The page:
20th century, 1950–2000
Object Place: Republic of Benin
Overall: 16.5 x 20 x 27.5 cm (6 1/2 x 7 7/8 x 10 13/16 in.) Lender Accessory (Hinel base): 42.3 cm (16 5/8 in.)
Medium or Technique
Wood and pigment
Not On View
Gelede masquerades celebrate the special powers of female spirits known as, “the mothers”. The mothers possess a powerful life force (ase), which can be used for benevolent of malevolent purposes. The destructive capacity of “the mothers” is called “aje” and is associated with infertility, impotency, and infant mortality. However, “the mothers” also have a benevolent influence that can cure illness and equitably disperse wealth, power, and prestige amongst the Yoruba. The ultimate goal of gelede performances is the maintenance of harmony in the community. The festival consists of a nighttime performance (efe), and an afternoon spectacle, when maskers usually appear in pairs and allude to social roles-the merchant, the market woman, the blacksmith, a man on a bicycle, and the hunter.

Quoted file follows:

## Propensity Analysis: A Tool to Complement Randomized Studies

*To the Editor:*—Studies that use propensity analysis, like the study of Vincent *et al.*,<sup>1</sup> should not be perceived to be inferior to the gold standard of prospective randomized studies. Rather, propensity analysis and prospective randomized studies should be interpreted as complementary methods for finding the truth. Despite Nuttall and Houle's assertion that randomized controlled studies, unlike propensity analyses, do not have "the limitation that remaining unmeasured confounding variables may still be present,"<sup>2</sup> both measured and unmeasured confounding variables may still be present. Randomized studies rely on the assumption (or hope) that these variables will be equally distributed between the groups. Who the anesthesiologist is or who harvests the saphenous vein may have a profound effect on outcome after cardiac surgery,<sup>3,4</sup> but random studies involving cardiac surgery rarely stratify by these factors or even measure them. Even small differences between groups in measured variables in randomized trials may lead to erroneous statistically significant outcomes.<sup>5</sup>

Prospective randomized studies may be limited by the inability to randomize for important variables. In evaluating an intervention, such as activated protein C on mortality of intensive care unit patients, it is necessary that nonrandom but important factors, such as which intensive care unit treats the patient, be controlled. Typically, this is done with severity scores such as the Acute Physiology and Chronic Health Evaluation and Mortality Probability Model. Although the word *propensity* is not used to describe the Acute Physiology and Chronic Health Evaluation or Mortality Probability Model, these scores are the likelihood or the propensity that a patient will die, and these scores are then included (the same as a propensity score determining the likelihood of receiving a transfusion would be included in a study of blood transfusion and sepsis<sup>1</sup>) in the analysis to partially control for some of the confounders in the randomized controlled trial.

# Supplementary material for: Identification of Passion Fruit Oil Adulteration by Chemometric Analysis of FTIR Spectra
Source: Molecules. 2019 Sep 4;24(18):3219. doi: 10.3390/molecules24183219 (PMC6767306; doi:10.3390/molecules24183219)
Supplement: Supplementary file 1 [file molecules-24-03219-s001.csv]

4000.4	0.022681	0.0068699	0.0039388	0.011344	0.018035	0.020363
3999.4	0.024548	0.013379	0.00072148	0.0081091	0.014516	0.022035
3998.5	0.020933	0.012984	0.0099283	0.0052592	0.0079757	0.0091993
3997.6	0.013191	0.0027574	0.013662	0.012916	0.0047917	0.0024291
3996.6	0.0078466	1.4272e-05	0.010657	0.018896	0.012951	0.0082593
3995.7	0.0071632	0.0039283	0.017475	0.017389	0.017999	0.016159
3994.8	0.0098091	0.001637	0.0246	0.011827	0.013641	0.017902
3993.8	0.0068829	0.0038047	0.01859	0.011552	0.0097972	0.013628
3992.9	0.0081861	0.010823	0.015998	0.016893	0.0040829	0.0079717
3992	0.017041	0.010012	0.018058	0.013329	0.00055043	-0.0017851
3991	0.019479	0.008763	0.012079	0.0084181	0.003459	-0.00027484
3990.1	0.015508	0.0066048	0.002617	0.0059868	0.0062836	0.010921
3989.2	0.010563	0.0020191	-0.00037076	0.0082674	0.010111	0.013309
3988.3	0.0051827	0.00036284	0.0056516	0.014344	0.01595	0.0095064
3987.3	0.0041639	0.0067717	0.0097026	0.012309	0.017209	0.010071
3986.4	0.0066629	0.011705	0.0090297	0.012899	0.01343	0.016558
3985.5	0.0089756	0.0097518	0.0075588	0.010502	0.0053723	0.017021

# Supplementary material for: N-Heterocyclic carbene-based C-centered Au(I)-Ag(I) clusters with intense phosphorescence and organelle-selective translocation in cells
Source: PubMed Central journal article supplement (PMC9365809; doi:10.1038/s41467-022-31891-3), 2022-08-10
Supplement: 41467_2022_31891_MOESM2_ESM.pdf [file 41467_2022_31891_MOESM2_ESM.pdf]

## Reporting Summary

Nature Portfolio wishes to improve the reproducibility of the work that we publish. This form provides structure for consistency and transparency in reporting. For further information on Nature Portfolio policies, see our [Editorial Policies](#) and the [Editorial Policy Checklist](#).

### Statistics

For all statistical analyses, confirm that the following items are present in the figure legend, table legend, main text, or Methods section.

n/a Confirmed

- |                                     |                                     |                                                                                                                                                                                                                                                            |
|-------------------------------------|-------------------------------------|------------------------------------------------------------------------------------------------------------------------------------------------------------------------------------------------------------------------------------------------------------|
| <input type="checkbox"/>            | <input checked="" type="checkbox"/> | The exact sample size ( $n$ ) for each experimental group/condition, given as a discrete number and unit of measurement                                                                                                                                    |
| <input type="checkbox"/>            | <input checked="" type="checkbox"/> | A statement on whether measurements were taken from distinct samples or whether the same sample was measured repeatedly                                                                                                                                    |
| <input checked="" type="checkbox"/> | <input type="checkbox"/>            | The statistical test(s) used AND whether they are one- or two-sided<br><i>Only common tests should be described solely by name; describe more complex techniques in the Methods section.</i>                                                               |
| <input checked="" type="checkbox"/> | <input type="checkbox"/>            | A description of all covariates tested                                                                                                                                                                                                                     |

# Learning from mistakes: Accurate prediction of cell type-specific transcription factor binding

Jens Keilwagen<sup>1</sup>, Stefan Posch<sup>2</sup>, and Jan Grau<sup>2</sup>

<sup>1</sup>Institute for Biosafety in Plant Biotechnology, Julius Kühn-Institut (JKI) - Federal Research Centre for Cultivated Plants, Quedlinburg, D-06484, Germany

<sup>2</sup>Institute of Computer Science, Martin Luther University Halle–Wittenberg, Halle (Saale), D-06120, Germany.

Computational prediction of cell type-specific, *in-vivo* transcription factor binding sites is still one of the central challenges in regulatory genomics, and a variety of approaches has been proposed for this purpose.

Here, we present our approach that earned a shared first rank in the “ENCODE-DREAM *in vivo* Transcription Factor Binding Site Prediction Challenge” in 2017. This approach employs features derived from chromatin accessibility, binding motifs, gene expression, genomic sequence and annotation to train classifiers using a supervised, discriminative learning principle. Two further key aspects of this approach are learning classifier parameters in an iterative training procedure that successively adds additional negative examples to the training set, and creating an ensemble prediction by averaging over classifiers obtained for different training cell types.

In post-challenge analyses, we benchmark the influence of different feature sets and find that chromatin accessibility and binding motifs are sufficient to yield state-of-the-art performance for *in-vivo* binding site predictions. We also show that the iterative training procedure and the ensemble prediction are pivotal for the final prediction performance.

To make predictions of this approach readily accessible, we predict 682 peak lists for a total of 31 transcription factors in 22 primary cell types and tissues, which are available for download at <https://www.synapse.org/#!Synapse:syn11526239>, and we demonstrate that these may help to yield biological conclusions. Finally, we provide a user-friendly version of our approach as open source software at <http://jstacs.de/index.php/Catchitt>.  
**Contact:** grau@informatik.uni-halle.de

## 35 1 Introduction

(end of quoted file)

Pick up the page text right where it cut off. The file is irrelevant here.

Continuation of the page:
This multi-colored headdress might represent a foreigner or a Yoruba man with a French-style military cap. In fact, many gelede performances satirize strangers, whether Fulani, Muslim, French, or British.
illegible written inscription underside of base with two words and a #2.
1970s, purchased in Paris by Geneviève McMillan (b. 1922 - d. 2008), Cambridge, MA; 2008, to the Geneviève McMillan and Reba Stewart Foundation, Cambridge; 2009, gift of the Geneviève McMillan and Reba Stewart Foundation to the MFA. (Accession Date: June 17, 2009)
Gift of Geneviève McMillan in memory of Reba Stewart